Indonesia’s vehicle industry is bracing itself for tougher times ahead, as record high oil prices continue to put pressure on the country’s economy.

With petrol and diesel fuel still highly subsidised by the government – even after several price hikes in the last two years by state-owned oil company Pertamina, the state budget continues to be stretched to beyond breaking point.

Indonesia has been a net importer of oil since the mid-1990s, as oil production dropped off sharply as a result of much lower investment levels, while domestic fuel consumption has soared. International oil prices have risen by 50% since May alone and this has increased dramatically the cost of subsidies to the government. With fuel subsidies now taking up around 25% of the state budget, the government has no choice other than to continue with fuel price increases.

The most recent fuel price hike, back in March, helped drive annual inflation up to around 8-9%, according to official figures. The rupiah also has lost around 10% of its value since the beginning of the year despite Bank of Indonesia intervention. In the last month or so, it has been forced to hike interest rates on three separate occasions.

Coordinating minister for the economy, Aburizal Bakrie, confirmed on Friday that a further fuel price hike will be implemented on October 1, adding that the increase “will likely add 3-4% to current inflation levels”. With oil prices unlikely to fall significantly, Bakrie predicts that the high inflation environment will last at least until the second half of 2006.

Political observers are speculating that fuel prices will be hiked by up to 50% at the beginning of October. There is increasing fear that such a rapid increase may trigger a wave of protests and demonstrations and that political instability could escalate. Consumer sentiment has also been affected by the recent bird flu outbreak which continues to claim lives across the country.

In an interview this week with just-auto, Riswan Alamsjah – marketing director for Mitsubishi distributor PT Kramna Yudha Tiga Berlian Motors, was concerned about a possible drop in sales volumes in the coming months. “The economic environment is changing very quickly” he said, adding that “the sharp tightening of monetary policy, rising fuel prices and an expected increase in the PPN car sales tax next month will affect consumers’ ability to afford vehicles in the future”.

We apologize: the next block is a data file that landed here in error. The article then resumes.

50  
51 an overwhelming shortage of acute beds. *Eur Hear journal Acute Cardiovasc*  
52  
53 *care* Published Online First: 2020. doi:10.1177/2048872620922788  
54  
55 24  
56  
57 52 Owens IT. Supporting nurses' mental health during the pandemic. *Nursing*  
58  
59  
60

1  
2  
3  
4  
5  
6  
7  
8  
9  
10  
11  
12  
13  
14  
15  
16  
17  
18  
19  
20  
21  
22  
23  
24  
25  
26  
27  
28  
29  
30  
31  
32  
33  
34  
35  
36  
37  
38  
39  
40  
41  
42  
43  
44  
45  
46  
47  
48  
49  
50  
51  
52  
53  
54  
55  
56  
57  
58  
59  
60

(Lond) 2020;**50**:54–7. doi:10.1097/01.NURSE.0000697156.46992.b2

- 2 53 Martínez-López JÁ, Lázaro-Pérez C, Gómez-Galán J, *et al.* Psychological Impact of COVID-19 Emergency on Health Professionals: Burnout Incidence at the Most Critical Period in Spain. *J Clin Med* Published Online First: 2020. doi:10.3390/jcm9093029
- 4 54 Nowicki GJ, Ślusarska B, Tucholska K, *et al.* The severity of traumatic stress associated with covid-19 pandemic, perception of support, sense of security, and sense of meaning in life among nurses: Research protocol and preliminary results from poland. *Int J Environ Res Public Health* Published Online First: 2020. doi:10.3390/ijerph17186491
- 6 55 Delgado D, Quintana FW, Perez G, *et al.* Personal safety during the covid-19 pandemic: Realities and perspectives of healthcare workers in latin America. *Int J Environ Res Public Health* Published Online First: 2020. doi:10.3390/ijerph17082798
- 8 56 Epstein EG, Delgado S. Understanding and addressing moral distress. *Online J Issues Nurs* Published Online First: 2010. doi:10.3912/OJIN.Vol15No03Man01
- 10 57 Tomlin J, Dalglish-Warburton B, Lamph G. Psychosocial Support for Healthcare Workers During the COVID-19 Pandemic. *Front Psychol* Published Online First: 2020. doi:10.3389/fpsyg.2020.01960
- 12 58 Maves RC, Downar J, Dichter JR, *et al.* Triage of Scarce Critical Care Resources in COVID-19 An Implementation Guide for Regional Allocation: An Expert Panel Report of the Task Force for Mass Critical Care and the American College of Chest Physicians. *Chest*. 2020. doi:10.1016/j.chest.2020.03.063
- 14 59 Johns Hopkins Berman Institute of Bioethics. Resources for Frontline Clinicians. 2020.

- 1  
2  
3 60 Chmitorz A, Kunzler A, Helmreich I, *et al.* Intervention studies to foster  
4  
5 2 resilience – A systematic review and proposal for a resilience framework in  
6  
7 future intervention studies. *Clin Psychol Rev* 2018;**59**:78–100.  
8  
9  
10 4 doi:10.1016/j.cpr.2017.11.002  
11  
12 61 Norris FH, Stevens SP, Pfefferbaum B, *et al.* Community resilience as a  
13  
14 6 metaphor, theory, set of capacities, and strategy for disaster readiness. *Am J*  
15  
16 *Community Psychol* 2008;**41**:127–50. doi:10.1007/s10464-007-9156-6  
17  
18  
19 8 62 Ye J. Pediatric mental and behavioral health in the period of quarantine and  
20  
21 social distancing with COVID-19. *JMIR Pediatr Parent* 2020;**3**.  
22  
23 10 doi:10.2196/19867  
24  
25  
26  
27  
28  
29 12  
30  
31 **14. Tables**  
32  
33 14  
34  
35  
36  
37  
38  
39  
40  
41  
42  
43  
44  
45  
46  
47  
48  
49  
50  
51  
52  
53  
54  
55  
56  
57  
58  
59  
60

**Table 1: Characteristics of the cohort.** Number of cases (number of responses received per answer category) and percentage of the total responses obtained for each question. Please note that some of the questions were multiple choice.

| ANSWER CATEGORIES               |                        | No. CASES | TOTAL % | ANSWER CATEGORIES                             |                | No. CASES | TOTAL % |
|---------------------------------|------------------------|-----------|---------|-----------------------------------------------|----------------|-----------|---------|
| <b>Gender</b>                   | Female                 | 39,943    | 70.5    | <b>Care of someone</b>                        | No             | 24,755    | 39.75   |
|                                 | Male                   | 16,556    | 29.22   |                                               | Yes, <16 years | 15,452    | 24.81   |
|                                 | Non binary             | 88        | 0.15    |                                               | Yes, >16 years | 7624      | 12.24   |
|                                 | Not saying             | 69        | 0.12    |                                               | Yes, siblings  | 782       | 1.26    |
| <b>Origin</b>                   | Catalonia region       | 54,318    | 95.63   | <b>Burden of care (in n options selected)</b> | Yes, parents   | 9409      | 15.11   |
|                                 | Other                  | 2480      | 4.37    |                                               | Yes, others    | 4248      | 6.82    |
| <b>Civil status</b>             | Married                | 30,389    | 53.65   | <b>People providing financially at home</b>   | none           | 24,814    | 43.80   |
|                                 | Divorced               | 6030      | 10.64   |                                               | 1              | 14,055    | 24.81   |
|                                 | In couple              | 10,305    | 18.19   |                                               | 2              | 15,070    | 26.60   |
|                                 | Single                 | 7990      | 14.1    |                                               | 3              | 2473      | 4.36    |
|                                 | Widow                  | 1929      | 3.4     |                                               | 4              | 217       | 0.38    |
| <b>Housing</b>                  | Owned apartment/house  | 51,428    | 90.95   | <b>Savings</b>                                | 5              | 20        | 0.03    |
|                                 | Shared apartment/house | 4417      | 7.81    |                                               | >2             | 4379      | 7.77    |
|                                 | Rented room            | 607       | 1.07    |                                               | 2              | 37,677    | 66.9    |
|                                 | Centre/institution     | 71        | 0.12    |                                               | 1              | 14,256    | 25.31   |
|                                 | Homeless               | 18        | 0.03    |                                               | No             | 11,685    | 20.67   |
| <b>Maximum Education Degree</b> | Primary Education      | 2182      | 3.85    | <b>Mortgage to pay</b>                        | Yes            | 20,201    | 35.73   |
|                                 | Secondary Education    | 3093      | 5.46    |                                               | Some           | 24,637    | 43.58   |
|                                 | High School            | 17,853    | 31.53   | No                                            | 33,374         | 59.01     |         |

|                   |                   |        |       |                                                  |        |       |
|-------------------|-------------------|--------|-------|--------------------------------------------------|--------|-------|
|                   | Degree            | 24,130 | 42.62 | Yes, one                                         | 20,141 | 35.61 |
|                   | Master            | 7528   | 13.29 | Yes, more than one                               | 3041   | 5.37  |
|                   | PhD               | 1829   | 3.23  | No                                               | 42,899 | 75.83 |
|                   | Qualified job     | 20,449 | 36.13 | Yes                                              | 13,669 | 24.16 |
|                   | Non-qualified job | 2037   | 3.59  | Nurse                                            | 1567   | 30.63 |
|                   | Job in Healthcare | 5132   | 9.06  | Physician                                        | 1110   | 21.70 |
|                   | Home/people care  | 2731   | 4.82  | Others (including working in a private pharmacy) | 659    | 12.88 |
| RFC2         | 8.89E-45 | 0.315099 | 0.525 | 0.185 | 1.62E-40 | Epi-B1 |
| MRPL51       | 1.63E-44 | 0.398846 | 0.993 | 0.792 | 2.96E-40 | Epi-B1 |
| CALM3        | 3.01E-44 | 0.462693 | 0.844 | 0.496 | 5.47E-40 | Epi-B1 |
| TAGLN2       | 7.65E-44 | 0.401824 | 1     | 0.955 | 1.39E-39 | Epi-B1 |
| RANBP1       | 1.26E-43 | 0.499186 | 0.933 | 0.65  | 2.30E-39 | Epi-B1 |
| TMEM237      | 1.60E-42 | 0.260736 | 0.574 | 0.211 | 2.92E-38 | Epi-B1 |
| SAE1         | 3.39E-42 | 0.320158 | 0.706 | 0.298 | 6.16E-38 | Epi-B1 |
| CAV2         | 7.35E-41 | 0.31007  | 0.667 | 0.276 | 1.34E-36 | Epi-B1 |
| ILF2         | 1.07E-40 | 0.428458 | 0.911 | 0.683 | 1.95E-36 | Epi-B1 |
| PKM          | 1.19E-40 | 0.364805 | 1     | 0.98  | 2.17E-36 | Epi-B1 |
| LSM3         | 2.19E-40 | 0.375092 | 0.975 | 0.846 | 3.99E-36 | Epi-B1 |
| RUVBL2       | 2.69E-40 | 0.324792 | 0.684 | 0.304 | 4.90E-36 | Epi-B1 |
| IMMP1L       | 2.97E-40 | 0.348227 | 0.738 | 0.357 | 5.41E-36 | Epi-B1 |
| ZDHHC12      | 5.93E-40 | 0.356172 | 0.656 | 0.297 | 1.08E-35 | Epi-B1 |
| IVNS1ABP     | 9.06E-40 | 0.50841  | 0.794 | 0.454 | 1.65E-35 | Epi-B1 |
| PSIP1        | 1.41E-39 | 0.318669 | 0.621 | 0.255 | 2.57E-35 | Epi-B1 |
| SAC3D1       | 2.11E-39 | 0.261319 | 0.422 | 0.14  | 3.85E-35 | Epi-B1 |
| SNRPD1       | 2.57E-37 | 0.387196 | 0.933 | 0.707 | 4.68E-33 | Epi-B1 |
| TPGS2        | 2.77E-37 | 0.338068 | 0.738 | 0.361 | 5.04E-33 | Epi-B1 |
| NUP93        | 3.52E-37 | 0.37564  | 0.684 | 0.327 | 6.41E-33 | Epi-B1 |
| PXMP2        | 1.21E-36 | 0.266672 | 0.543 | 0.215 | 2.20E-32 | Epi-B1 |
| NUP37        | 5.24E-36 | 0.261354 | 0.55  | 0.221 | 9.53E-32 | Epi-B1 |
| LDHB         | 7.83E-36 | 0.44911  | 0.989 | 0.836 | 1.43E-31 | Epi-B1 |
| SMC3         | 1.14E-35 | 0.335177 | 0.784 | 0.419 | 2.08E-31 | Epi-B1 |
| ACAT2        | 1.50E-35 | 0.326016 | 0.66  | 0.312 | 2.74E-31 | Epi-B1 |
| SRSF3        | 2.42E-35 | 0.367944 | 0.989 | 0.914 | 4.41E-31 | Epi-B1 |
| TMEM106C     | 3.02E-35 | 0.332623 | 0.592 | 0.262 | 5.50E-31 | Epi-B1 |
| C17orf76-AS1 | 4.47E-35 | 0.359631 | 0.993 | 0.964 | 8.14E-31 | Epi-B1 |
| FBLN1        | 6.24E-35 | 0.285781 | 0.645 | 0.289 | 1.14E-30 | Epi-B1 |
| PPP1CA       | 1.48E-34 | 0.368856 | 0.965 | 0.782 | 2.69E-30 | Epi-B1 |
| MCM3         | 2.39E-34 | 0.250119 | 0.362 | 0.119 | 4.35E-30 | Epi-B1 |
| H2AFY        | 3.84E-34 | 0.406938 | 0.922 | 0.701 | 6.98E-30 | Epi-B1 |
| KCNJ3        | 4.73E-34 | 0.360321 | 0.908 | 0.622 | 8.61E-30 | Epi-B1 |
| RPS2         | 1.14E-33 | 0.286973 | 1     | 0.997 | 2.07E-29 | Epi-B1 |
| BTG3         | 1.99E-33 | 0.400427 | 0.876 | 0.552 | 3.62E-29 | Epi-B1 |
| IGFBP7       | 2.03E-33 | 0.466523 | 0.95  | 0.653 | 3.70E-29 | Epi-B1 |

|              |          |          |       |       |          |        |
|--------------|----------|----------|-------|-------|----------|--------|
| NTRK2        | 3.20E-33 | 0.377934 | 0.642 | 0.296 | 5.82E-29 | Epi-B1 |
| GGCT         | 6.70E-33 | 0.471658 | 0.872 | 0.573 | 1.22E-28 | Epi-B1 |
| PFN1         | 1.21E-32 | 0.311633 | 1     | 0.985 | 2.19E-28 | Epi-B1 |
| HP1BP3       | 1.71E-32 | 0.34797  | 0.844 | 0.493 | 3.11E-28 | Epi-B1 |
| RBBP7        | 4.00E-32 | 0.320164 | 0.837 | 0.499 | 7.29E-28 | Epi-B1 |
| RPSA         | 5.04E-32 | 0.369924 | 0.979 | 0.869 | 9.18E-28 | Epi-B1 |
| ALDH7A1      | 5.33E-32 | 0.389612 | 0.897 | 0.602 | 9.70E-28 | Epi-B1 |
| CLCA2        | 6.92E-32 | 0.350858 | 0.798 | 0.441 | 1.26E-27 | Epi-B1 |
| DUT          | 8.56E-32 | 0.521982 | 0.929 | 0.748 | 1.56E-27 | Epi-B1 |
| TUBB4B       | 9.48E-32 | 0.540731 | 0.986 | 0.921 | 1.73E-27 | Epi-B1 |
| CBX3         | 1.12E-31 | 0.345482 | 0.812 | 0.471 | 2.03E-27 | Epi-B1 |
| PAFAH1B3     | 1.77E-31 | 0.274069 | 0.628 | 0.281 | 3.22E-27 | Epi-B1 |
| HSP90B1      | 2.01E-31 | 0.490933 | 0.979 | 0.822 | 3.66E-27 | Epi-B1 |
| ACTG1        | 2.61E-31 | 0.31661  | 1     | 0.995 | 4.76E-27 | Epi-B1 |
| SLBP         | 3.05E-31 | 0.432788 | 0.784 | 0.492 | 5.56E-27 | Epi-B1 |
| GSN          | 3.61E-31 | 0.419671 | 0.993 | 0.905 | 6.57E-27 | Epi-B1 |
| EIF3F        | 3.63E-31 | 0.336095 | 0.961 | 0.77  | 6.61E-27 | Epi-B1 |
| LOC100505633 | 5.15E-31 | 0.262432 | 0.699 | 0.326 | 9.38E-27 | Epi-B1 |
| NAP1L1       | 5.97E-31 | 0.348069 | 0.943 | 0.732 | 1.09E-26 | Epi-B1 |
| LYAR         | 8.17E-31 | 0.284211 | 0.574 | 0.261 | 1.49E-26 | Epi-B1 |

“Interest rates on finance packages offered by leasing companies and banks have risen from around 12-13% annually to 17-18%”, he added. A doubling of the minimum capital adequacy ratio of banks from 5% to 10% “will reduce liquidity in the banking sector and consequently this will also affect the leasing companies”. Alamsjah suggests that “the volume of overall loans offered will decline as a result and stricter lending criteria will also be applied. If a bank has less money to offer out as loans, then lenders can afford to be more selective about to whom they lend money”.

Alamsjah said that his company, which controls around 18% of the Indonesian vehicle market, is beginning to experience a slowdown in order intake as a result of these tightening conditions, although it is still a bit early to assess the situation accurately.

“Normally demand for delivery trucks rises in anticipation of a high consumption period following the muslim fasting month of Ramadan. This year that has not been the case. We haven’t seen the spike in light truck orders that we normally get at this time of year.

“There will be little over two working weeks in November as a result of public holidays and business is normally slow during Ramadan. But we have had a strong first eight months in 2005, with cumulative sales at record levels of around 400,000 units. Monthly sales have averaged 50,000 units so far this year. Even if the monthly average drops to 35,000 units in the last four months of the year, we should still be able to meet our internal targets and come close to the official Gaikindo [a motor trade association] target of 550,000 units for 2005.”

But the outlook for 2006 is perhaps a bit more worrying. And while nobody is talking about a crash in demand next year, Alamsjah does not expect the market to significantly exceed 500,000 units – which would represent a decline of around 10% on projected 2005 levels.

Earlier this month, Joko Trisanyoto – marketing director at PT Toyota Astra Motor, the Toyota distributor, also suggested that the demand outlook for 2006 is becoming very uncertain. ”The culmination of interest rate hikes, rising fuel and energy costs, inflation and higher vehicle prices will affect the market. It is very difficult to predict at the moment how next year will turn out, so yes, we are much more cautious about the near term.”

Tony Pugliese